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Thursday, December 29, 2011

How does Canada do it?

When I was at my marathon internal medicine update course at Harvard earlier this month, I sat next to a very bright physician from Tanzania who works as an internist in Canada. I am so glad I talked to her. I was really confused about the health care system in Canada, especially the meaning of "socialized medicine."

Canada has a publicly funded insurance program that pays for basic health services and covers about 99% of outpatient visits. Doctors, though, are not all on a salary through the government, which I thought they were. Most physicians receive fee for service, just like they do in the US.

What happens is that their "medicare" is much like ours, and pays doctors for seeing patients. I am not at all clear as to what a doctor can bill medicare for, whether Canada pays for things like management services not involving face to face contacts or that sort of thing, which would be really interesting to know. Some doctors are on salary through community health clinics like they are here, but my Tanzanian friend said that those who work fee for service are paid more generously and have more control over their schedules, so that is what she has chosen to do.

I asked her how Canada deals with the shortage of primary care internists, since I figured this probably isn't a peculiarly US problem. She said that for as long as she has been aware, Canada uses its internists as consultants to the family doctors who are the real primary care physicians. The internist may see a patient several times in a year, but will give recommendations for management to the general practitioner who is primarily responsible for the patient's care. She feels that internists are paid well and have good lives. They do also take call at the hospital and usually provide inpatient care, but most are not "hospitalists" per se, but more what we would call traditional internal medicine physicians. Internal medicine consultants, in order to be paid at a higher rate than general practitioners, must complete a 4th post graduate year, a fellowship in internal medicine, which is one more year than US internists do.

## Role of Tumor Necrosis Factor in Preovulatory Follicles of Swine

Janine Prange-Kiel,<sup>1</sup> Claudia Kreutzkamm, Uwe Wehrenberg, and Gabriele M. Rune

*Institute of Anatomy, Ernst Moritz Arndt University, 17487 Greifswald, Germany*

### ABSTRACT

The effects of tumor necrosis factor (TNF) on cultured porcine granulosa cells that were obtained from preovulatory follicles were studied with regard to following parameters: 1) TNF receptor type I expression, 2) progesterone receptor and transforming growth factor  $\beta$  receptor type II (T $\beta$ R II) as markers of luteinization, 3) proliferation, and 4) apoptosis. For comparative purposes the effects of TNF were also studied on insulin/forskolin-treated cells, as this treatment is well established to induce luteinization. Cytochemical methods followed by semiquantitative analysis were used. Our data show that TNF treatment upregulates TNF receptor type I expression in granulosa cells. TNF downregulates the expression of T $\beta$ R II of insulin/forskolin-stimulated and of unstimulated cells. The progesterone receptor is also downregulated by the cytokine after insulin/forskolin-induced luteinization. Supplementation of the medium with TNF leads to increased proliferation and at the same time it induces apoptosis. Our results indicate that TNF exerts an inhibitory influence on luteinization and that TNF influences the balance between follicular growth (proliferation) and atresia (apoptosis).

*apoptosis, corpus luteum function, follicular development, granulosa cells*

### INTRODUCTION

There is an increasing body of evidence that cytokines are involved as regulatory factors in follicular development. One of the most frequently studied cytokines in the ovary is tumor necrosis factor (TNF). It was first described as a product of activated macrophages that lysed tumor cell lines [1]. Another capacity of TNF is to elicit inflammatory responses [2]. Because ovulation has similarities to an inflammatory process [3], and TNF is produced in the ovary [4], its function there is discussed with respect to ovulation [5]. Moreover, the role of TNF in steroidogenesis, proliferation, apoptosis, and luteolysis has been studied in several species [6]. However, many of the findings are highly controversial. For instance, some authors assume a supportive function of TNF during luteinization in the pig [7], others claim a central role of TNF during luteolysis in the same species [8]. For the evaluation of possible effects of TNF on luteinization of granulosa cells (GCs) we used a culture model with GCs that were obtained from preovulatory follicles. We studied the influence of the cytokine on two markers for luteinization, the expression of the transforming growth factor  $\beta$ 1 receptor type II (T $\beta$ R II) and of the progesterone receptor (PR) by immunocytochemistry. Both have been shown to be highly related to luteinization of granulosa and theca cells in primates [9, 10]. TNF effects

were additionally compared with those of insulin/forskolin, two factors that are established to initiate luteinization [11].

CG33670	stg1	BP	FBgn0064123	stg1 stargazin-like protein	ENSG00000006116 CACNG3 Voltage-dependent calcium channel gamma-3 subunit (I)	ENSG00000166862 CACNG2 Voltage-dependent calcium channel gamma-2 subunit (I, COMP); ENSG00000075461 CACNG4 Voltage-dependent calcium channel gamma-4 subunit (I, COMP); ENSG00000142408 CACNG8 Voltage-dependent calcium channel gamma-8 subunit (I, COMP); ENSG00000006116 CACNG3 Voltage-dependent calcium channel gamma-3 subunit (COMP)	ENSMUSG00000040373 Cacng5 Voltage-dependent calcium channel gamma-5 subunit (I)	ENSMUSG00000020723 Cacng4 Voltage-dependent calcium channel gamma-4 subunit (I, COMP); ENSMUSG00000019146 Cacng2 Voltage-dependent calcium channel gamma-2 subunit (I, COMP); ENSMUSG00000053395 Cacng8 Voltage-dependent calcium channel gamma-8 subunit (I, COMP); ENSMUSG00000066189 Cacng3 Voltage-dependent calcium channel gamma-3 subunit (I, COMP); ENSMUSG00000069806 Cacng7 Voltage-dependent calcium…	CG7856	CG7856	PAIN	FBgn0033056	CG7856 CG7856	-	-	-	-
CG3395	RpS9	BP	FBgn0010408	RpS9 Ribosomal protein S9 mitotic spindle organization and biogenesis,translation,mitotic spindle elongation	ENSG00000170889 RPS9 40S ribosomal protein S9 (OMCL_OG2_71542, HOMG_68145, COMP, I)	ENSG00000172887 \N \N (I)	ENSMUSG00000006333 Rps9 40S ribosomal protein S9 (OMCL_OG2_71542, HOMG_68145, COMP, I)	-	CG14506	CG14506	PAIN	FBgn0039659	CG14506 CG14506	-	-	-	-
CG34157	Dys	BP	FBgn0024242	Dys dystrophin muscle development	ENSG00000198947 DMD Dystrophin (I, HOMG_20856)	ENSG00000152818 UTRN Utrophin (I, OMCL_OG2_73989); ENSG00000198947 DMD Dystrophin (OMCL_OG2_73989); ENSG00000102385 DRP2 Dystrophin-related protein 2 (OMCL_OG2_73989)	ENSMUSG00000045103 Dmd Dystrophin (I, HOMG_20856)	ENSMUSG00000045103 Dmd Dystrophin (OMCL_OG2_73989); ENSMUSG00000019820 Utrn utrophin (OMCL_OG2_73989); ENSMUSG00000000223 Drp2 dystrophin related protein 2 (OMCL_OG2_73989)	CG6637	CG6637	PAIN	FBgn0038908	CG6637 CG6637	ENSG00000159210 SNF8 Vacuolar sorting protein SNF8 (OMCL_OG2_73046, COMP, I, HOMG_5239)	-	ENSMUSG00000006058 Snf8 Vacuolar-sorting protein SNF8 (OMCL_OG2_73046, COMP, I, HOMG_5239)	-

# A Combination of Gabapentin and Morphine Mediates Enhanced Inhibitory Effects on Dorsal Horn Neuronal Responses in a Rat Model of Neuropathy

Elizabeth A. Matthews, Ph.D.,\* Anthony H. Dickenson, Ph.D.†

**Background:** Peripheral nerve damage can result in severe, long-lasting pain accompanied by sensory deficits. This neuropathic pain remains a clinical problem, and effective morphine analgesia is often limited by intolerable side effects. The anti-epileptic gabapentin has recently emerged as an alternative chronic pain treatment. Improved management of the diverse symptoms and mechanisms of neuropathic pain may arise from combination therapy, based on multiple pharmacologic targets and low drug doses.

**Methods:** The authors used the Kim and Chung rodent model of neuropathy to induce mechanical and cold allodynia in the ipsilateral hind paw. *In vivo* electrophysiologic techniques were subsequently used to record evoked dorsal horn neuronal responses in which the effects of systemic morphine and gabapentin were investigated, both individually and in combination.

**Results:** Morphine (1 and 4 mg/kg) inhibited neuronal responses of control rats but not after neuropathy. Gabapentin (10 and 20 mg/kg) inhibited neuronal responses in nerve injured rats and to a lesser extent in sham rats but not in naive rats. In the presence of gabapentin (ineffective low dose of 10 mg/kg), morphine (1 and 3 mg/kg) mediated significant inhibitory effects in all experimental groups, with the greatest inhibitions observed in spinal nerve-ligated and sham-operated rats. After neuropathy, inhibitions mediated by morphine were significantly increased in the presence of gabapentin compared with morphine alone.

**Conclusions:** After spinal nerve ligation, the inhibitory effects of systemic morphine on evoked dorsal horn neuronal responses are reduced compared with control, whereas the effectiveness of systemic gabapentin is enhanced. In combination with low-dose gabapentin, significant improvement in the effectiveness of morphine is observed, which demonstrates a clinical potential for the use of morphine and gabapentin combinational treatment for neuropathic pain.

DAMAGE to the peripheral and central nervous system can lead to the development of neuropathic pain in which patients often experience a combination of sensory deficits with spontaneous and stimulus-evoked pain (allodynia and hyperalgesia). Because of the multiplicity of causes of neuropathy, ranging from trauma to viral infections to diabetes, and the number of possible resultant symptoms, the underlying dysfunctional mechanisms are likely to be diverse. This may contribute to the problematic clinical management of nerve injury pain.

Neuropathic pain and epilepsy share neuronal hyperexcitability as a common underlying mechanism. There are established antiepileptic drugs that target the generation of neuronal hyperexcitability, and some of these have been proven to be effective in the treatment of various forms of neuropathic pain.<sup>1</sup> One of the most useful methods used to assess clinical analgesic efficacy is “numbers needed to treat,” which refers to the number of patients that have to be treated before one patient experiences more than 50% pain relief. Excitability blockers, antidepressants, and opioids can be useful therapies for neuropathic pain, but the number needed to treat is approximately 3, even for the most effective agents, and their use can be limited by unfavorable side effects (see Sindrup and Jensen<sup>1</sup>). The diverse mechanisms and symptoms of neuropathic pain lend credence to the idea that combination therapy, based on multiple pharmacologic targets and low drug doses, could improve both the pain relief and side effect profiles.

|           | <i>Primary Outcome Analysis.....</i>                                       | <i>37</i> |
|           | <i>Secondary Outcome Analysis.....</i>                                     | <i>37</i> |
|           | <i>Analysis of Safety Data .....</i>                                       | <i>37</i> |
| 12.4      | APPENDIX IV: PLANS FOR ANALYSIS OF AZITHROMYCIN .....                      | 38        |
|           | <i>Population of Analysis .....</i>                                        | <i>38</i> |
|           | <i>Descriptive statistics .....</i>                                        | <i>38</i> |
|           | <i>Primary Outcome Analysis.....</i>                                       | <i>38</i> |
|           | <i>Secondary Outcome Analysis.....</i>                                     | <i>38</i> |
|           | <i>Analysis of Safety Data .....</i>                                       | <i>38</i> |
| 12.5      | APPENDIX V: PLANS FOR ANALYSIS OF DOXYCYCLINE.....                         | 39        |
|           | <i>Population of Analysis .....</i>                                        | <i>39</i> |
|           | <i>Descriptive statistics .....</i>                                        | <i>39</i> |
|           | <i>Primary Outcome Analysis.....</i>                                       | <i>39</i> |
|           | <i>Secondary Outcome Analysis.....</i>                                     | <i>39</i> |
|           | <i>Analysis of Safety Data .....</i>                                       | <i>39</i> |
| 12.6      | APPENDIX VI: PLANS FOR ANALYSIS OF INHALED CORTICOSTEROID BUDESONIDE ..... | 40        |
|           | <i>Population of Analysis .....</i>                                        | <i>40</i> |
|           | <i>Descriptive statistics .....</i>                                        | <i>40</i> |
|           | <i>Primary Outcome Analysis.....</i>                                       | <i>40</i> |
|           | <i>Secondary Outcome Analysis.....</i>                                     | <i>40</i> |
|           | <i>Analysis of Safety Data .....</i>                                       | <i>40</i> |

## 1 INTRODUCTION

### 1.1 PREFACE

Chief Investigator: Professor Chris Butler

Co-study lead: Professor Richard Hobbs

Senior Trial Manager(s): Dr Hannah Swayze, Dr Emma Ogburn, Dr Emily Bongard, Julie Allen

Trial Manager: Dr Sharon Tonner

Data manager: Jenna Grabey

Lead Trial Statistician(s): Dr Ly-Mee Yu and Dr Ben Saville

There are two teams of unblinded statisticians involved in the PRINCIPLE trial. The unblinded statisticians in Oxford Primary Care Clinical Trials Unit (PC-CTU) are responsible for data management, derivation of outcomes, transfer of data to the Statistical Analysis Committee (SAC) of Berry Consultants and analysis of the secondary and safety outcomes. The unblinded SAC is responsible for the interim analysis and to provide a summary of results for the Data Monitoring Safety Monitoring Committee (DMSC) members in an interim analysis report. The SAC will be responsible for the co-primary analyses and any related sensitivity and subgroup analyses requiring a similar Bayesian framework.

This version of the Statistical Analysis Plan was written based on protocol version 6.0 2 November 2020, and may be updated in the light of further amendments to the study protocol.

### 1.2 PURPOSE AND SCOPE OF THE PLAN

This sounds to me like a truly great solution to the problem the US is having with too few internists. As a consultant I could take care of many more patients, but be less likely to be burned out since those patients would have another physician to help care for them, and as a consultant I would not have to be available to every patient all the time.

Once again, it looks like another country has figured out a solution to one of our problems and if we were flexible we could just adopt it.

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